Even developed countries are adding to their energy consumption bills. A small country like Singapore, for example, has increased its electricity consumption by 78% between 1995 and 2007. The reason: Greater ownership of electronic appliances and gadgets. In 1998, about 58% of households owned an air-conditioner compared to 72% in 2003.

The people in the developing countries say, those who had never tasted the pleasure of creature comforts, never owned a car before, never had a lavish lifestyle (conspicuous consumption) before will complain:  Now that it is my turn to have fun, you are talking about climate change! I don’t give a damn. Let me have my fun. Don’t spoil it!

Fair enough, one could say—but only for historical reasons.  What about the future that is common for us all? In other words, is black smoke white man’s burden?

Does it mean the onus of bringing the earth temperatures down lies with the people of the developed world alone? Is global warming just a first world problem?

People in the developed countries are aware of this expectation but will this realisation save any trees. Pollan in his NYT piece puts it across so succintly:

Let’s say I do bother, big time. I turn my life upside-down, start biking to work, plant a big garden, turn down the thermostat so low I need the Jimmy Carter signature cardigan, forsake the clothes dryer for a laundry line across the yard, trade in the station wagon for a hybrid, get off the beef, go completely local. I could theoretically do all that, but what would be the point when I know full well that halfway around the world there lives my evil twin, some carbon-footprint doppelgänger in Shanghai or Chongqing who has just bought his first car (Chinese car ownership is where ours was back in 1918), is eager to swallow every bite of meat I forswear and who’s positively itching to replace every last pound of CO2 I’m struggling no longer to emit. So what exactly would I have to show for all my trouble?

Need Vs Greed

Mahatma Gandhi had said that in this planet, there is enough for everyone’s need but not enough for everyone’s greed.

All faiths teach us the lessons of frugality and contentment. Greed creates its own problems and we are seeing the outcome now. How long can we plunder mother earth? Is this ever sustainable?

NYT columnist Paul Krugman, in his recent column, Running Out of Planet to Exploit, asks:

Last week, oil hit $117. It’s not just oil that has defied the complacency of a few years back. Food prices have also soared, as have the prices of basic metals. And the global surge in commodity prices is reviving a question we haven’t heard much since the 1970s: Will limited supplies of natural resources pose an obstacle to future world economic growth?

Won’t it?

(I am not even talking about an analyst’s claim in BusinessWeek that the US has been unable or unwilling to regulate oil markets because it is a convenient way to contain the growth of China and spur energy conservation in the country).


So what can be done?

Many things at many levels—personal and institutional, including at the community (NGOs), governmental, and corporate levels.

While the responsible amongst us can change our light bulbs (thanks to Al Gore), use less paper, grow our gardens, eat less meat or travel in public transports, the governments need to intervene with rules as they do while tackling terrorism (most people need to be told to stay in the queue, for example, for the greater common good).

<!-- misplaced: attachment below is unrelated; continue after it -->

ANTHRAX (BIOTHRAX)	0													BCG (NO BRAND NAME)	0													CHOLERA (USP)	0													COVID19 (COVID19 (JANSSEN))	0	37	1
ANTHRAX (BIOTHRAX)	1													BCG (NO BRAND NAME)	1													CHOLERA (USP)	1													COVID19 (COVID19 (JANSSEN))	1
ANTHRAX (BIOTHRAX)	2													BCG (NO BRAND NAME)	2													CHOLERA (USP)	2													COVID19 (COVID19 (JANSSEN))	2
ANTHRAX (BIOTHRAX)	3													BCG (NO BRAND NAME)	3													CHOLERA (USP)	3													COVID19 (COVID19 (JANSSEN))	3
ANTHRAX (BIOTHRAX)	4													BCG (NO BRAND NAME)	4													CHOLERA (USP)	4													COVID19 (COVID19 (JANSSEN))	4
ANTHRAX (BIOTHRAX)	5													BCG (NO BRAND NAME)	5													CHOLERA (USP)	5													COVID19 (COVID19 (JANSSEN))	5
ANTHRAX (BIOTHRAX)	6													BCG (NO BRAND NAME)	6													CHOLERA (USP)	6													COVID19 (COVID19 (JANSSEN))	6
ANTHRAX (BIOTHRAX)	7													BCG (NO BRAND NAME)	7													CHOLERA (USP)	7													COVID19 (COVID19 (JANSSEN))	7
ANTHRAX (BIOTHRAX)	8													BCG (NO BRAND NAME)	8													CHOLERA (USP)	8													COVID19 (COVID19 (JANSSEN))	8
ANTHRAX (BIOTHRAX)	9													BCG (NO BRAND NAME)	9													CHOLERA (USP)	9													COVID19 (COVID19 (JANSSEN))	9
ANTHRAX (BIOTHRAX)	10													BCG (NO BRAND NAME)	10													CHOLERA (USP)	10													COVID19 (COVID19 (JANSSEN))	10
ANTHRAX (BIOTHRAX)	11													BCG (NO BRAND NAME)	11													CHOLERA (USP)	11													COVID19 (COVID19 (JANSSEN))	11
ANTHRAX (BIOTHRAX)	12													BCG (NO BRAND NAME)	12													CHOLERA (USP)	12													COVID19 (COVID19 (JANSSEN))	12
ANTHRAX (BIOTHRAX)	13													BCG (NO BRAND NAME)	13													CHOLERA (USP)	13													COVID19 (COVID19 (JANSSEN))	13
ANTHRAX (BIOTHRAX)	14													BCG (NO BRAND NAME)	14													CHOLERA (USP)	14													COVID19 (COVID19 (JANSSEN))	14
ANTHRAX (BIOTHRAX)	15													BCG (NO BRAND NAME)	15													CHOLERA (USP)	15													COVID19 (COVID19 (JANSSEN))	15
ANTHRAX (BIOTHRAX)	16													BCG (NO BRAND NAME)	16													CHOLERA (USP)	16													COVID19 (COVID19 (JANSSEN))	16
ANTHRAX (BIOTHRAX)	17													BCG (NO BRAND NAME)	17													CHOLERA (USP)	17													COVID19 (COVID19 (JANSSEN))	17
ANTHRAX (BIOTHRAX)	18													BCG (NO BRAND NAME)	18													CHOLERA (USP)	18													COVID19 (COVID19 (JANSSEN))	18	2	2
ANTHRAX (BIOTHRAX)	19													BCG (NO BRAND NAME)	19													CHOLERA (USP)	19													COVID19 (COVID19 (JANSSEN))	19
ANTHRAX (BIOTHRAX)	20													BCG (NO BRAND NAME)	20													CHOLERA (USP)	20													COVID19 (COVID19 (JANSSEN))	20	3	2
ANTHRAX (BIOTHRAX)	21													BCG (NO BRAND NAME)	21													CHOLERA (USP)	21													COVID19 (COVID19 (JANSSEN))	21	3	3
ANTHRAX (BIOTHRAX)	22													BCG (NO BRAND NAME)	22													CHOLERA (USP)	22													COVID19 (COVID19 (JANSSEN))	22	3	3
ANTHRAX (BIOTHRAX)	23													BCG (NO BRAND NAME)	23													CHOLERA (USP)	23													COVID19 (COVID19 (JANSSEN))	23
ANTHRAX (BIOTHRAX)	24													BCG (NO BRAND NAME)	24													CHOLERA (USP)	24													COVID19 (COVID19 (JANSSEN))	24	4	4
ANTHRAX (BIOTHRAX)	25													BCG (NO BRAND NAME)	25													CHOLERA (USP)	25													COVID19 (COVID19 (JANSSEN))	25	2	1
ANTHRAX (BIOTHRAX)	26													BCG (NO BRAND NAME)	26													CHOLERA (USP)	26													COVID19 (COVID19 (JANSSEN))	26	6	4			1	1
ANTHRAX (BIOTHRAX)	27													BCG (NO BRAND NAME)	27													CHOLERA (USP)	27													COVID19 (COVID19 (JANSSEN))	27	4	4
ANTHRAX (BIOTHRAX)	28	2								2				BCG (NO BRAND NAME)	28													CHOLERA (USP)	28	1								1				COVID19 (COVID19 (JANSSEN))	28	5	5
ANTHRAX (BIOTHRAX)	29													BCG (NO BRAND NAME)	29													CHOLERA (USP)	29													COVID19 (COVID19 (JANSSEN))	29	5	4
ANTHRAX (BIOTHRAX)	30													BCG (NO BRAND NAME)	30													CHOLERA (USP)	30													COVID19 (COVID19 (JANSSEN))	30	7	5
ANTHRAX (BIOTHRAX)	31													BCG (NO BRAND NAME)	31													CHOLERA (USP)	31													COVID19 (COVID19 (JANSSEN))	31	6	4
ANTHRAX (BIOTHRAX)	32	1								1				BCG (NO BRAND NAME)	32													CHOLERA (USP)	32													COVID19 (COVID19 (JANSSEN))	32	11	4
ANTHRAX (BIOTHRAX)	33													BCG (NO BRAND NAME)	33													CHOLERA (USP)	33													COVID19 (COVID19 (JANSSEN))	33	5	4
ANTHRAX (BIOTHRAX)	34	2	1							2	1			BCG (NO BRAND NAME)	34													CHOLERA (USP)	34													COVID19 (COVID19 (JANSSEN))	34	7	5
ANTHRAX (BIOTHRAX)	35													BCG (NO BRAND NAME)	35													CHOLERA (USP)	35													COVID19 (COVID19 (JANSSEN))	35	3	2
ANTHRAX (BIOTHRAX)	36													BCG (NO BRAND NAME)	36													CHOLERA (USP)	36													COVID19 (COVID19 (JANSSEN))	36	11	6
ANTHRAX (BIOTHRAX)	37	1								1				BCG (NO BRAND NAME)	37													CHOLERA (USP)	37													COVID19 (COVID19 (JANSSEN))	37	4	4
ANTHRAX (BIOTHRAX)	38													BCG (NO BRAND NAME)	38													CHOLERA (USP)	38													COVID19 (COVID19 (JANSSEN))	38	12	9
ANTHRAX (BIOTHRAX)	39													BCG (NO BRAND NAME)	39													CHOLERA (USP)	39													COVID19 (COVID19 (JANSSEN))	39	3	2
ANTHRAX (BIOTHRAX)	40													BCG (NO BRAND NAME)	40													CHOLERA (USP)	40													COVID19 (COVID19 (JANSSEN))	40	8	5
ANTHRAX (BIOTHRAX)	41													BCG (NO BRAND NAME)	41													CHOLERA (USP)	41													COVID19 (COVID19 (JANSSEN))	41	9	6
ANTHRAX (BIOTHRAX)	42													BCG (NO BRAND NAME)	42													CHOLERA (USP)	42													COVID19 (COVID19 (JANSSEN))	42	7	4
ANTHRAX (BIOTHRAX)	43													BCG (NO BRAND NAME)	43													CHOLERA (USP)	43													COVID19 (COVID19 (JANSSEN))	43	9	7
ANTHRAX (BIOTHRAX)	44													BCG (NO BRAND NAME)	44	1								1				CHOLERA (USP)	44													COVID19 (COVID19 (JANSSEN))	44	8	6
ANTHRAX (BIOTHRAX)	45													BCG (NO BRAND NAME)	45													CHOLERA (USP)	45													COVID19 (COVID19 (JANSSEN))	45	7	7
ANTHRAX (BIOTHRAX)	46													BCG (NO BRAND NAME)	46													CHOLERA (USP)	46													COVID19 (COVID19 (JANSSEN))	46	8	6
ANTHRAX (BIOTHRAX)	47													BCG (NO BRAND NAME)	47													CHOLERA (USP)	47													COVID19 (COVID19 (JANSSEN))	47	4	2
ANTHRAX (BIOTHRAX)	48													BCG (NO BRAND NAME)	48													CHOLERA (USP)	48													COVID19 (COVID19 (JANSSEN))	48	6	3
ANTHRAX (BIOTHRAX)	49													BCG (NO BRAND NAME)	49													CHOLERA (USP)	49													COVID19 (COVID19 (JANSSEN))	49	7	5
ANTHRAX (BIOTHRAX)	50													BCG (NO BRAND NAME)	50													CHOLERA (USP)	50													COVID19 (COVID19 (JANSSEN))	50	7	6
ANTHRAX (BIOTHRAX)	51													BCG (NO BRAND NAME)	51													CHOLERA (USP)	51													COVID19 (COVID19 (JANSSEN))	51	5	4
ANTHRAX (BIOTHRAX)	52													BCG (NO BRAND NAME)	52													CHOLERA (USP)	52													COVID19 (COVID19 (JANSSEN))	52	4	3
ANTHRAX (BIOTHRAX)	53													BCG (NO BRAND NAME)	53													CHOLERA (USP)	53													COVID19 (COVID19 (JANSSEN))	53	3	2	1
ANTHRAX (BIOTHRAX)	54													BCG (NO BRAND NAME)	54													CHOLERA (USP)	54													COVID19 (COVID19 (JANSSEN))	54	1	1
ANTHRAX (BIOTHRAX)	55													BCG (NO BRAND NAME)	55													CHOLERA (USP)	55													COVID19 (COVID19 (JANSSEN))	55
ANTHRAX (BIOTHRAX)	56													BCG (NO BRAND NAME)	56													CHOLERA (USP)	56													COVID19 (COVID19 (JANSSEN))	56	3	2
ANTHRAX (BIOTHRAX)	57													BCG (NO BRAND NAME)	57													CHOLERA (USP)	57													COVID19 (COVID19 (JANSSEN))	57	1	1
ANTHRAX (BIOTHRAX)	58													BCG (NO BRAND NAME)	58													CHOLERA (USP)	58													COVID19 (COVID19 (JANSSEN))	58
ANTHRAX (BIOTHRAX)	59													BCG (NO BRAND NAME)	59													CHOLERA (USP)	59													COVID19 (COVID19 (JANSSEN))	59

The government can also penlise people for excessive use of energy. Why should petrol be subsidised in some countries to enable people to drive cars? In Singapore, petrol is about $2 a litre, nearly same as a 1 litre bottle of packaged drinking water. Does it make any sense?

Governments and corporates can explore encouraging alternative sources of energy. How about wind power? Solar energy?

Make things better. For example, make public transport (an unconvenient truth?) convenient and sexier. Convert all vehicles to less polluting technology users. Make cars run on heavy water. Better still–encourage telecommuting to work.

What can ‘Green IT’ do?

Green IT can play a role in all this and more.

As our life is becoming increasingly dependent on technology, my biggest hope is digital nomadism (is it hope or will it be our only choice?).

For an ever-increasing global workforce in a globalised knowledge economy, like it or not, digital nomadism is the emerging reality. Notes the The Economist:

The nomadism now emerging is different from, and involves much more than, merely making journeys. A modern nomad is as likely to be a teenager in Oslo, Tokyo or suburban America as a jet-setting chief executive. He or she may never have left his or her city, stepped into an aeroplane or changed address. Indeed, how far he moves is completely irrelevant. Even if an urban nomad confines himself to a small perimeter, he nonetheless has a new and surprisingly different relationship to time, to place and to other people. “Permanent connectivity, not motion, is the critical thing,” says Manuel Castells, a sociologist at the Annenberg School for Communication, a part of the University of Southern California, Los Angeles.

So, our lives will be connected with the world virtually through ubiquitous wirelessness. We will work but in virtual offices (which means, no office politics!). We will travel but mostly virtually and so on. Imagine, how much Green IT can contribute to building up such a lifestyle?

The challenge is immense. So is the opportunity.

Some Green IT stories:

Green technology: hype or must-have?
It’s enough to make some IT managers dismiss green technology altogether, but even those who are concerned about the environment and their own energy costs have a tough time separating product hype from reality.
Jon Brodkin

Saving the environment can’t stop at the data center
IT already contributes substantially to the energy efficiency of organizations, but it could do more.
Simon Mingay

The 5 quickest returns on your green investment
Most companies are talking a good game but not really going green where it counts.
By Darrell Dunn